Advice on wet bench grinders

Hi there,

I am having problems with my regular DRY bench grinder. No matter how carefully I sharp my gravers, applying only short contacts with the stone and cooling them in water quickly, the smallest ones are very difficult to sharp without softening or burning them. Now I am considering purchasing a wet grinder. 
Since the difference of price between a regular wet grinder and the finest (and expensive!) Tormek is huge, I would like to know if it's possible to use a standard model like the one in the picture.

Thanks in advance.


Comments

  • Tudor NoirTudor Noir Posts: 5
    Hi Ramiro,

    You should never use a dry bench grinder on any of your gravers this will take the temper out of the steel and render it useless for cutting.
    The wet stone grinder that you have shown is good, but you may want to change the stone to a finer grit, these are normally white in colour, once you have honed your graver you just need to keep the edge on them with your oil stone, it should take quiet a while before you use the wet stone again to take some of the top angle off, the idea of this is so you can see the cutting tip better.

    Hugh
  • One can buy a black silicon carbide in a fine grit. The issue is the white stones are friable and do not build the heat as much. One can use a highly-friable dry stone and not overheat the fine edges. It takes a brief, light touch. Color the tip with a permanent marker, leave the slightest of a flat on the edge and hone it to the desired edge. I use Shapton stones beginning at a coarse to 8000 grit on my chisels, knives, etc.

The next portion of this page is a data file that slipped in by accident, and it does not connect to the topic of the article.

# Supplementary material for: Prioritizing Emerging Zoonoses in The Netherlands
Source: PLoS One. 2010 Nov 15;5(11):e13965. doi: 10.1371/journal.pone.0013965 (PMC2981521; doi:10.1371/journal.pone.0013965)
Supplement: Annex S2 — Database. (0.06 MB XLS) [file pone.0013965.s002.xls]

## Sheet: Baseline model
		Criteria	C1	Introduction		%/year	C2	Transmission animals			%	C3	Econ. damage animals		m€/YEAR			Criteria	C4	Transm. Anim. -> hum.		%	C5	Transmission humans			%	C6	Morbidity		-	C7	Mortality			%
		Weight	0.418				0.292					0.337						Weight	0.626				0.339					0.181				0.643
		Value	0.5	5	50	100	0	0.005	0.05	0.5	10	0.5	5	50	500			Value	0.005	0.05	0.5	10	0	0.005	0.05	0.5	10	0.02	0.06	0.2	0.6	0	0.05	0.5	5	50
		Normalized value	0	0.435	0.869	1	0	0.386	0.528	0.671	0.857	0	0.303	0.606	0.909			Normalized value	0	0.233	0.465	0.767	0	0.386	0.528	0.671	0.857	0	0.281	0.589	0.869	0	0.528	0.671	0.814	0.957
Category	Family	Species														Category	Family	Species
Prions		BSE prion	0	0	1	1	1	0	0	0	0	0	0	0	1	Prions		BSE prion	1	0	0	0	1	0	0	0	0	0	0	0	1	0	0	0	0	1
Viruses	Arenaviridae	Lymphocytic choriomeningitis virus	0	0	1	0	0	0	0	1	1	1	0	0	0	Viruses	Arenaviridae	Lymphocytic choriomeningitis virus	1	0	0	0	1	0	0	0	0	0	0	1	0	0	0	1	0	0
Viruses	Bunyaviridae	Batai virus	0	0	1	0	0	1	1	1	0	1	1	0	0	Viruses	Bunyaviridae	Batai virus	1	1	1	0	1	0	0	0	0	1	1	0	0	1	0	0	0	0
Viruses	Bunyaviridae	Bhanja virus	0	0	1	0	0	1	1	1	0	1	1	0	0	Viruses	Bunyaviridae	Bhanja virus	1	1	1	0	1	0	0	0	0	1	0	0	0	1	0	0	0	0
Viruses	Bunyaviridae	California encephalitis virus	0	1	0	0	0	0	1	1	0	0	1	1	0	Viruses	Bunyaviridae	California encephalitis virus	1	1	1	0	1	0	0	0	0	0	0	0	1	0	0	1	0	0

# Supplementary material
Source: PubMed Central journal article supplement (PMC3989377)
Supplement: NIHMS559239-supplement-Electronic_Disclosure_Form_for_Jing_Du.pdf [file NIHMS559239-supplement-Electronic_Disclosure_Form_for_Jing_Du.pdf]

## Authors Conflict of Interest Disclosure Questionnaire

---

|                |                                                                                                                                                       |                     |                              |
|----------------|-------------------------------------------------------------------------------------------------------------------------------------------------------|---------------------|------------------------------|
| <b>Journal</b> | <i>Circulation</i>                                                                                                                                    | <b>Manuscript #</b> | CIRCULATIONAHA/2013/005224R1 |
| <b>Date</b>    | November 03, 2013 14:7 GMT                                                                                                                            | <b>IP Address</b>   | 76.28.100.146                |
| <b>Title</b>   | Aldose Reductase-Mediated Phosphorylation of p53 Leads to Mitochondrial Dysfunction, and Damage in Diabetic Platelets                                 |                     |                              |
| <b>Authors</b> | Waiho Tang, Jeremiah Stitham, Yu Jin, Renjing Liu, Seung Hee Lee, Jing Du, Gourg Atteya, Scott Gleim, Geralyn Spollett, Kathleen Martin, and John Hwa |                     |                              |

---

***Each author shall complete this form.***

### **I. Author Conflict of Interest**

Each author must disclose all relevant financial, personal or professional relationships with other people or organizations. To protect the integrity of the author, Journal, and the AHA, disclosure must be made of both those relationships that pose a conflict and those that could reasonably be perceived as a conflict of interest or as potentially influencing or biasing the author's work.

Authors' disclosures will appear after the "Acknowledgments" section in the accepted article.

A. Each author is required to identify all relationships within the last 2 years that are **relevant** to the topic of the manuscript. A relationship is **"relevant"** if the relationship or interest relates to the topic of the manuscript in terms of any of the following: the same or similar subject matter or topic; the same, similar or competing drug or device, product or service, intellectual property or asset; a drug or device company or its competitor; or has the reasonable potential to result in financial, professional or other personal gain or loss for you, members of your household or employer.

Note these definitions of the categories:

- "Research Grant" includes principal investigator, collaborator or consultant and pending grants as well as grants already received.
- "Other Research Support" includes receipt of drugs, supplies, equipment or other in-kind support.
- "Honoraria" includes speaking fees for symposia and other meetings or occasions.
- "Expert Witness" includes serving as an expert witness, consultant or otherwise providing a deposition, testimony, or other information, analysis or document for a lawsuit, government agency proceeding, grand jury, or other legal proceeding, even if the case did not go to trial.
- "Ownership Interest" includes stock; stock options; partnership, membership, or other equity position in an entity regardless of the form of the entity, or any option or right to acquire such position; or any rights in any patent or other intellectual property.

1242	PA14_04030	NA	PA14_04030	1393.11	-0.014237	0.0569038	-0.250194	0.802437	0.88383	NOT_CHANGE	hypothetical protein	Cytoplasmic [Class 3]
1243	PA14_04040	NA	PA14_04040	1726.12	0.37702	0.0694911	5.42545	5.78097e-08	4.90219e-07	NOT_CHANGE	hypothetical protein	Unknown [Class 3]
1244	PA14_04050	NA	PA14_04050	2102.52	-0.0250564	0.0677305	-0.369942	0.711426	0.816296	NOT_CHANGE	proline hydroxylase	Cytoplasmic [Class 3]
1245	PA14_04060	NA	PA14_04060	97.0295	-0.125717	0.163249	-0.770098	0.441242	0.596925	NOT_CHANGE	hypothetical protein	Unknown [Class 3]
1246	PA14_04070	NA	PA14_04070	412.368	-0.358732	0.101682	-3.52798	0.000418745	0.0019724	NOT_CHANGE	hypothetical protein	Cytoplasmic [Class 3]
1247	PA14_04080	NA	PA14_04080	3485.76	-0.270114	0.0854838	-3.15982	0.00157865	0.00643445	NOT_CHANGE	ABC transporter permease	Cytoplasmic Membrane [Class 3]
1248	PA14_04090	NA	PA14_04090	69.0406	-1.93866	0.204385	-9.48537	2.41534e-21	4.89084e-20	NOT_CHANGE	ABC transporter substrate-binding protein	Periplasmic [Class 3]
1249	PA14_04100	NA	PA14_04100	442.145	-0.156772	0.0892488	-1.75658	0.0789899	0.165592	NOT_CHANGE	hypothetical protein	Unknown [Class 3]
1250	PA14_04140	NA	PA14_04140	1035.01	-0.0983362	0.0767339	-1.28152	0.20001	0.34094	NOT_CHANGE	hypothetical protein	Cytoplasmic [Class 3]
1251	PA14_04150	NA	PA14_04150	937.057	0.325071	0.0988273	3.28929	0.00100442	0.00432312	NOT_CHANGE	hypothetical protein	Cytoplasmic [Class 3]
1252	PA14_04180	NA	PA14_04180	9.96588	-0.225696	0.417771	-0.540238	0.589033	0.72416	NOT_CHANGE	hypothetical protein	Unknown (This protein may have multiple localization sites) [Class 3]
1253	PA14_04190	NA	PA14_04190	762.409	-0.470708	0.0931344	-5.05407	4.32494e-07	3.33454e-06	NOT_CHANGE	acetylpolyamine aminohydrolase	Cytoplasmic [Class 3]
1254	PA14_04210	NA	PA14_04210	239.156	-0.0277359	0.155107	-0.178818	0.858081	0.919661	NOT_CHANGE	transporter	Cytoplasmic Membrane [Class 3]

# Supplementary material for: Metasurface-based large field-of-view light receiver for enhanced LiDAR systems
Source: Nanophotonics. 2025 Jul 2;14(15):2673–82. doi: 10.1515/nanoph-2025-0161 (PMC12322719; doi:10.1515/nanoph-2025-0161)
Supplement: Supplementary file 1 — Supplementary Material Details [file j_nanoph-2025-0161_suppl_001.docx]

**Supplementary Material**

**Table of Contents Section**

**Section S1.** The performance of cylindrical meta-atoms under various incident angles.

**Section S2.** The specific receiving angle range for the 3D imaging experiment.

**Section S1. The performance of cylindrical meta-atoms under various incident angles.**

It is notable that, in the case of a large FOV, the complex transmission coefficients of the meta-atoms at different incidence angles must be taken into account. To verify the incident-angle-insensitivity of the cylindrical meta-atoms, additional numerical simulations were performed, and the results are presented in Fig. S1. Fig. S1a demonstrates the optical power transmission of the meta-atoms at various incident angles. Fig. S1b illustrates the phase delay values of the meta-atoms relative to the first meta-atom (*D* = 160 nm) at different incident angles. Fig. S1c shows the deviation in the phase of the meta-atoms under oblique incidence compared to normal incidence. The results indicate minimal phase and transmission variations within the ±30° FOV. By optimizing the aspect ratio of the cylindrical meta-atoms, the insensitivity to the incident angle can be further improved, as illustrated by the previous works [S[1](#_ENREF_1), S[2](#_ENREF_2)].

I have several bench and large floor-standing grinders, including a 14" wet grinder (a converted AMMCO brake lathe). The Tormek really is all that if you have more than just a handful of tools to grind. I use it on everything from carving to turning tools, chisels, redoing of kitchen knives and much more. The Tormek clones are hardly worth the time unless one has only a few tools to grind.

    Mike
  • Thanks for the advice. Yes, I had to re harden and temper several of my gravers after my dry grinder made them lose their hard. 
    I am also considering to purchase a Scheppach wet grinder. Of all Tormek alternatives, this seems to be the one with better reviews. Any opinion?


  • Wes AdamsWes Adams Posts: 48
    edited June 29
    With carbide chisels I usually forgo the bench grinder for a few passes on a Dia-sharp whetstone. Not sure if you're needing to reshape the graver too, our application varies. I typically only need to sharpen, square a corner, or correct an angle.
  • Ramiro EspinozaRamiro Espinoza Posts: 559
    edited June 29
    @Wes Adams Thanks for the advice, but please notice that tiny steel gravers are way more fragile and prone to lose their hard than carbide chisels. The turn red in a matter of seconds if you use a dry grinder.
  • Wes AdamsWes Adams Posts: 48
    edited June 29
    That's why using a bench grinder seems too much. Even with hard chisels I usually sharpen by hand instead.

    Regardless of the sharpening surface, your variables are speed and grit. 
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